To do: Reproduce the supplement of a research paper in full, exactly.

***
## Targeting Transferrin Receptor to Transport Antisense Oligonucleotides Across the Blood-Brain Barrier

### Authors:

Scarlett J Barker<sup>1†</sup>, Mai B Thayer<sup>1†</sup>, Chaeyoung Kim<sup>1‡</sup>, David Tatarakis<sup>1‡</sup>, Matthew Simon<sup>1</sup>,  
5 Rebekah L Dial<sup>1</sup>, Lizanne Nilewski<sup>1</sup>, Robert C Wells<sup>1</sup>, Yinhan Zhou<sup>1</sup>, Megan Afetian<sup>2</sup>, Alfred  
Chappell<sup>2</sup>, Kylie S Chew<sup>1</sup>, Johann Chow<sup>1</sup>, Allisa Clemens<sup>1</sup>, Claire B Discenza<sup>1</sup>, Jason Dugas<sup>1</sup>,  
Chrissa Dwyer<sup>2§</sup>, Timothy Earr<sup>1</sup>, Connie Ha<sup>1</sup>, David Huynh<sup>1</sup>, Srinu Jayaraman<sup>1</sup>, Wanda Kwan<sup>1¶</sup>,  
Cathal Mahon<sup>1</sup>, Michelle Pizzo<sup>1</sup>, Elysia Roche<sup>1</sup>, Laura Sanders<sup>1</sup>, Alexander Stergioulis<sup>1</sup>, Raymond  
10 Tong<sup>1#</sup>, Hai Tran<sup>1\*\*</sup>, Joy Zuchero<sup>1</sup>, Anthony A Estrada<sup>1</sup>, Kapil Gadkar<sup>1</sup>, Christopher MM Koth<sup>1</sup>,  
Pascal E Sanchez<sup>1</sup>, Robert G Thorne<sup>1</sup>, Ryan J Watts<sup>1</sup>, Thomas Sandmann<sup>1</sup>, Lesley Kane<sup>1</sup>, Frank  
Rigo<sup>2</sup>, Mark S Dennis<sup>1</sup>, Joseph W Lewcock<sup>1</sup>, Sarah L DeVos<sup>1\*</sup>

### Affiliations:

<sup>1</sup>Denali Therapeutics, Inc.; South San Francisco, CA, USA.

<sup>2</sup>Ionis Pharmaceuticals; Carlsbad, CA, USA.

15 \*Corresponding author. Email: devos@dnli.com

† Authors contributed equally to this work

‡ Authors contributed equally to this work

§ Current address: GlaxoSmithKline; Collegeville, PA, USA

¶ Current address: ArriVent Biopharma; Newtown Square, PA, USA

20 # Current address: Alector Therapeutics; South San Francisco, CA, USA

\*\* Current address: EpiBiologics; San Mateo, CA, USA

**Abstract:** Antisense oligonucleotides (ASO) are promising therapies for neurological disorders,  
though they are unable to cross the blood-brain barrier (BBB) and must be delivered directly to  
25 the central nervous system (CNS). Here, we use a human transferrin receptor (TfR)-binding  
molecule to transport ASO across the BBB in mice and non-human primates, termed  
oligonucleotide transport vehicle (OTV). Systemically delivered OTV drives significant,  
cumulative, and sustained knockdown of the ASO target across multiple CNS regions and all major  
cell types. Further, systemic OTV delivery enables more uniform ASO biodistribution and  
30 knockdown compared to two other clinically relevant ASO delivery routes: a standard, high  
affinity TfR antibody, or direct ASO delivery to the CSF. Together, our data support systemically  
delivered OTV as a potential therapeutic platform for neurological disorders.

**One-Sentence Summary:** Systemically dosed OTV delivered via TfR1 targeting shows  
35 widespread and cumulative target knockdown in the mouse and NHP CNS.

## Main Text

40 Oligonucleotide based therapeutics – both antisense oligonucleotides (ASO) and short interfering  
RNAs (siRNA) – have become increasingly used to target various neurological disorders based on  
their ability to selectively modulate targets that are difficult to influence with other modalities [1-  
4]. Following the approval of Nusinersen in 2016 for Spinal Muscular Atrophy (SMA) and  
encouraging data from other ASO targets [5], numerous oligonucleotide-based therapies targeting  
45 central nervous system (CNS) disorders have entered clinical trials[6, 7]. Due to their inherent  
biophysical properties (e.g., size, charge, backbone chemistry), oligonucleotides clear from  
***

## Targeting Transferrin Receptor to Transport Antisense Oligonucleotides Across the Blood-Brain Barrier

### Authors:

Scarlett J Barker<sup>1†</sup>, Mai B Thayer<sup>1†</sup>, Chaeyoung Kim<sup>1‡</sup>, David Tatarakis<sup>1‡</sup>, Matthew Simon<sup>1</sup>,  
5 Rebekah L Dial<sup>1</sup>, Lizanne Nilewski<sup>1</sup>, Robert C Wells<sup>1</sup>, Yinhan Zhou<sup>1</sup>, Megan Afetian<sup>2</sup>, Alfred  
Chappell<sup>2</sup>, Kylie S Chew<sup>1</sup>, Johann Chow<sup>1</sup>, Allisa Clemens<sup>1</sup>, Claire B Discenza<sup>1</sup>, Jason Dugas<sup>1</sup>,  
Chrissa Dwyer<sup>2§</sup>, Timothy Earr<sup>1</sup>, Connie Ha<sup>1</sup>, David Huynh<sup>1</sup>, Srinu Jayaraman<sup>1</sup>, Wanda Kwan<sup>1¶</sup>,  
Cathal Mahon<sup>1</sup>, Michelle Pizzo<sup>1</sup>, Elysia Roche<sup>1</sup>, Laura Sanders<sup>1</sup>, Alexander Stergioulis<sup>1</sup>, Raymond  
10 Tong<sup>1#</sup>, Hai Tran<sup>1\*\*</sup>, Joy Zuchero<sup>1</sup>, Anthony A Estrada<sup>1</sup>, Kapil Gadkar<sup>1</sup>, Christopher MM Koth<sup>1</sup>,  
Pascal E Sanchez<sup>1</sup>, Robert G Thorne<sup>1</sup>, Ryan J Watts<sup>1</sup>, Thomas Sandmann<sup>1</sup>, Lesley Kane<sup>1</sup>, Frank  
Rigo<sup>2</sup>, Mark S Dennis<sup>1</sup>, Joseph W Lewcock<sup>1</sup>, Sarah L DeVos<sup>1\*</sup>

### Affiliations:

<sup>1</sup>Denali Therapeutics, Inc.; South San Francisco, CA, USA.

<sup>2</sup>Ionis Pharmaceuticals; Carlsbad, CA, USA.

15 \*Corresponding author. Email: devos@dnli.com

† Authors contributed equally to this work

‡ Authors contributed equally to this work

§ Current address: GlaxoSmithKline; Collegeville, PA, USA

¶ Current address: ArriVent Biopharma; Newtown Square, PA, USA

20 # Current address: Alector Therapeutics; South San Francisco, CA, USA

\*\* Current address: EpiBiologics; San Mateo, CA, USA

**Abstract:** Antisense oligonucleotides (ASO) are promising therapies for neurological disorders,  
though they are unable to cross the blood-brain barrier (BBB) and must be delivered directly to  
25 the central nervous system (CNS). Here, we use a human transferrin receptor (TfR)-binding  
molecule to transport ASO across the BBB in mice and non-human primates, termed  
oligonucleotide transport vehicle (OTV). Systemically delivered OTV drives significant,  
cumulative, and sustained knockdown of the ASO target across multiple CNS regions and all major  
cell types. Further, systemic OTV delivery enables more uniform ASO biodistribution and  
30 knockdown compared to two other clinically relevant ASO delivery routes: a standard, high  
affinity TfR antibody, or direct ASO delivery to the CSF. Together, our data support systemically  
delivered OTV as a potential therapeutic platform for neurological disorders.

**One-Sentence Summary:** Systemically dosed OTV delivered via TfR1 targeting shows  
35 widespread and cumulative target knockdown in the mouse and NHP CNS.

## Main Text

40 Oligonucleotide based therapeutics – both antisense oligonucleotides (ASO) and short interfering  
RNAs (siRNA) – have become increasingly used to target various neurological disorders based on  
their ability to selectively modulate targets that are difficult to influence with other modalities [1-  
4]. Following the approval of Nusinersen in 2016 for Spinal Muscular Atrophy (SMA) and  
encouraging data from other ASO targets [5], numerous oligonucleotide-based therapies targeting  
45 central nervous system (CNS) disorders have entered clinical trials[6, 7]. Due to their inherent  
biophysical properties (e.g., size, charge, backbone chemistry), oligonucleotides clear from  